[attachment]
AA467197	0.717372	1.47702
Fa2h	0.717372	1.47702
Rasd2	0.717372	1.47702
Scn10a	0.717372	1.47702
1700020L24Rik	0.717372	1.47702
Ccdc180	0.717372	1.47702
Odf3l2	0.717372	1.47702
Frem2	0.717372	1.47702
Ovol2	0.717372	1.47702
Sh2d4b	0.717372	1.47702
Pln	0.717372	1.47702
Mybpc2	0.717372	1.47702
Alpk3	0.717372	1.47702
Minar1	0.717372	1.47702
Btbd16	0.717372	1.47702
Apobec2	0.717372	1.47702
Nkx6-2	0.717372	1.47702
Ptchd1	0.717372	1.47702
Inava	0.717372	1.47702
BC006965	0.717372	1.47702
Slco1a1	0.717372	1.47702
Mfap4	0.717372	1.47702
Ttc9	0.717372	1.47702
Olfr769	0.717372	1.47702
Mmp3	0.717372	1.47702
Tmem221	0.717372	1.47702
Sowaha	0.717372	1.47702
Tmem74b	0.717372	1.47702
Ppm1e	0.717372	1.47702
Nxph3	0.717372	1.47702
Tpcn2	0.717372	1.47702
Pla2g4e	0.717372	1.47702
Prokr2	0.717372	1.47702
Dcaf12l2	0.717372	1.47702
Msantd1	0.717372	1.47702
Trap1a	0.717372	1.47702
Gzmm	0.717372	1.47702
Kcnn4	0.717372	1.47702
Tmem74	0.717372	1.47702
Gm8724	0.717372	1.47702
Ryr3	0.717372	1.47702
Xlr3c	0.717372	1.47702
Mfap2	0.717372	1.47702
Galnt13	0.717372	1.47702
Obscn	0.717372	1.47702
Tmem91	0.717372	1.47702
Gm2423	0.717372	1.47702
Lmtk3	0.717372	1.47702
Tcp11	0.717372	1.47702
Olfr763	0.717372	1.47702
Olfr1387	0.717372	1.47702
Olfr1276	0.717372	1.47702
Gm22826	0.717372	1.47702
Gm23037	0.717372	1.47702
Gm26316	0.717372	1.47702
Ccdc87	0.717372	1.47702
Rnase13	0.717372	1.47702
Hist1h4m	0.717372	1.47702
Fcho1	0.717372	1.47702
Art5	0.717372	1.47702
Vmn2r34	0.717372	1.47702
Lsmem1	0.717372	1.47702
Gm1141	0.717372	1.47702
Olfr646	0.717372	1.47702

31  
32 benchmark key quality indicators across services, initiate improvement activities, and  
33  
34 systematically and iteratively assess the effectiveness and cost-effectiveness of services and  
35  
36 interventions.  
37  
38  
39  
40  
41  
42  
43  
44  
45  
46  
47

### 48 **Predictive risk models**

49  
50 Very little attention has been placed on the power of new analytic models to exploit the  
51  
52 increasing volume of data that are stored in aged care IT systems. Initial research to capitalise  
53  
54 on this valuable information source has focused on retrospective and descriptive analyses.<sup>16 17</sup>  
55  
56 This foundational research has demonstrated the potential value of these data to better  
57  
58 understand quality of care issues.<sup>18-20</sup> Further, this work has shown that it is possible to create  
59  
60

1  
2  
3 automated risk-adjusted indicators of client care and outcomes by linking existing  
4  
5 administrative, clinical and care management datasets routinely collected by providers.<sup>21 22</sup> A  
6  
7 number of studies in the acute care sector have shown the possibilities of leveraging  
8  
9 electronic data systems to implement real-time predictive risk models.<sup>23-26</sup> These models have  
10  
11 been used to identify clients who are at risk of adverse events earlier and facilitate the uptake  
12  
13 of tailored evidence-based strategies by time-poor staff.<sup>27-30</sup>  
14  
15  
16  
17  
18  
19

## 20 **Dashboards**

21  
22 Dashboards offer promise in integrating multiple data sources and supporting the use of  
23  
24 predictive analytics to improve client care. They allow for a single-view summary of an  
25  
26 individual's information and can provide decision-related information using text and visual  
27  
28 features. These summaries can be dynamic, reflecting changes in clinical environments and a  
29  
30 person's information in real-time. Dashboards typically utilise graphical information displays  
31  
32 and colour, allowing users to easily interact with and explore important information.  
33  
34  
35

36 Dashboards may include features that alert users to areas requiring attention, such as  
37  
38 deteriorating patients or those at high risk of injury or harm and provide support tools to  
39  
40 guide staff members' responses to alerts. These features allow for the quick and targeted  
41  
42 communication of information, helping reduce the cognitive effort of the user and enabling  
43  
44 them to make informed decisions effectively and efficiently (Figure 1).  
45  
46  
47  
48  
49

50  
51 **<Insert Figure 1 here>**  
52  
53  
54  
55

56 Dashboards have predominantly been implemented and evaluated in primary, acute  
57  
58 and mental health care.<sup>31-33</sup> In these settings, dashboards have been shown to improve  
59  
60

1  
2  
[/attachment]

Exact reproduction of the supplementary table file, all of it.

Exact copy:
AA467197	0.717372	1.47702
Fa2h	0.717372	1.47702
Rasd2	0.717372	1.47702
Scn10a	0.717372	1.47702
1700020L24Rik	0.717372	1.47702
Ccdc180	0.717372	1.47702
Odf3l2	0.717372	1.47702
Frem2	0.717372	1.47702
Ovol2	0.717372	1.47702
Sh2d4b	0.717372	1.47702
Pln	0.717372	1.47702
Mybpc2	0.717372	1.47702
Alpk3	0.717372	1.47702
Minar1	0.717372	1.47702
Btbd16	0.717372	1.47702
Apobec2	0.717372	1.47702
Nkx6-2	0.717372	1.47702
Ptchd1	0.717372	1.47702
Inava	0.717372	1.47702
BC006965	0.717372	1.47702
Slco1a1	0.717372	1.47702
Mfap4	0.717372	1.47702
Ttc9	0.717372	1.47702
Olfr769	0.717372	1.47702
Mmp3	0.717372	1.47702
Tmem221	0.717372	1.47702
Sowaha	0.717372	1.47702
Tmem74b	0.717372	1.47702
Ppm1e	0.717372	1.47702
Nxph3	0.717372	1.47702
Tpcn2	0.717372	1.47702
Pla2g4e	0.717372	1.47702
Prokr2	0.717372	1.47702
Dcaf12l2	0.717372	1.47702
Msantd1	0.717372	1.47702
Trap1a	0.717372	1.47702
Gzmm	0.717372	1.47702
Kcnn4	0.717372	1.47702
Tmem74	0.717372	1.47702
Gm8724	0.717372	1.47702
Ryr3	0.717372	1.47702
Xlr3c	0.717372	1.47702
Mfap2	0.717372	1.47702
Galnt13	0.717372	1.47702
Obscn	0.717372	1.47702
Tmem91	0.717372	1.47702
Gm2423	0.717372	1.47702
Lmtk3	0.717372	1.47702
Tcp11	0.717372	1.47702
Olfr763	0.717372	1.47702
Olfr1387	0.717372	1.47702
Olfr1276	0.717372	1.47702
Gm22826	0.717372	1.47702
Gm23037	0.717372	1.47702
Gm26316	0.717372	1.47702
Ccdc87	0.717372	1.47702
Rnase13	0.717372	1.47702
Hist1h4m	0.717372	1.47702
Fcho1	0.717372	1.47702
Art5	0.717372	1.47702
Vmn2r34	0.717372	1.47702
Lsmem1	0.717372	1.47702
Gm1141	0.717372	1.47702
Olfr646	0.717372	1.47702

31  
32 benchmark key quality indicators across services, initiate improvement activities, and  
33  
34 systematically and iteratively assess the effectiveness and cost-effectiveness of services and  
35  
36 interventions.  
37  
38  
39  
40  
41  
42  
43  
44  
45  
46  
47

### 48 **Predictive risk models**

49  
50 Very little attention has been placed on the power of new analytic models to exploit the  
51  
52 increasing volume of data that are stored in aged care IT systems. Initial research to capitalise  
53  
54 on this valuable information source has focused on retrospective and descriptive analyses.<sup>16 17</sup>  
55  
56 This foundational research has demonstrated the potential value of these data to better  
57  
58 understand quality of care issues.<sup>18-20</sup> Further, this work has shown that it is possible to create  
59  
60

1  
2  
3 automated risk-adjusted indicators of client care and outcomes by linking existing  
4  
5 administrative, clinical and care management datasets routinely collected by providers.<sup>21 22</sup> A  
6  
7 number of studies in the acute care sector have shown the possibilities of leveraging  
8  
9 electronic data systems to implement real-time predictive risk models.<sup>23-26</sup> These models have  
10  
11 been used to identify clients who are at risk of adverse events earlier and facilitate the uptake  
12  
13 of tailored evidence-based strategies by time-poor staff.<sup>27-30</sup>  
14  
15  
16  
17  
18  
19

## 20 **Dashboards**

21  
22 Dashboards offer promise in integrating multiple data sources and supporting the use of  
23  
24 predictive analytics to improve client care. They allow for a single-view summary of an  
25  
26 individual's information and can provide decision-related information using text and visual  
27  
28 features. These summaries can be dynamic, reflecting changes in clinical environments and a  
29  
30 person's information in real-time. Dashboards typically utilise graphical information displays  
31  
32 and colour, allowing users to easily interact with and explore important information.  
33  
34  
35

36 Dashboards may include features that alert users to areas requiring attention, such as  
37  
38 deteriorating patients or those at high risk of injury or harm and provide support tools to  
39  
40 guide staff members' responses to alerts. These features allow for the quick and targeted  
41  
42 communication of information, helping reduce the cognitive effort of the user and enabling  
43  
44 them to make informed decisions effectively and efficiently (Figure 1).  
45  
46  
47  
48  
49

50  
51 **<Insert Figure 1 here>**  
52  
53  
54  
55

56 Dashboards have predominantly been implemented and evaluated in primary, acute  
57  
58 and mental health care.<sup>31-33</sup> In these settings, dashboards have been shown to improve  
59  
60

1  
2  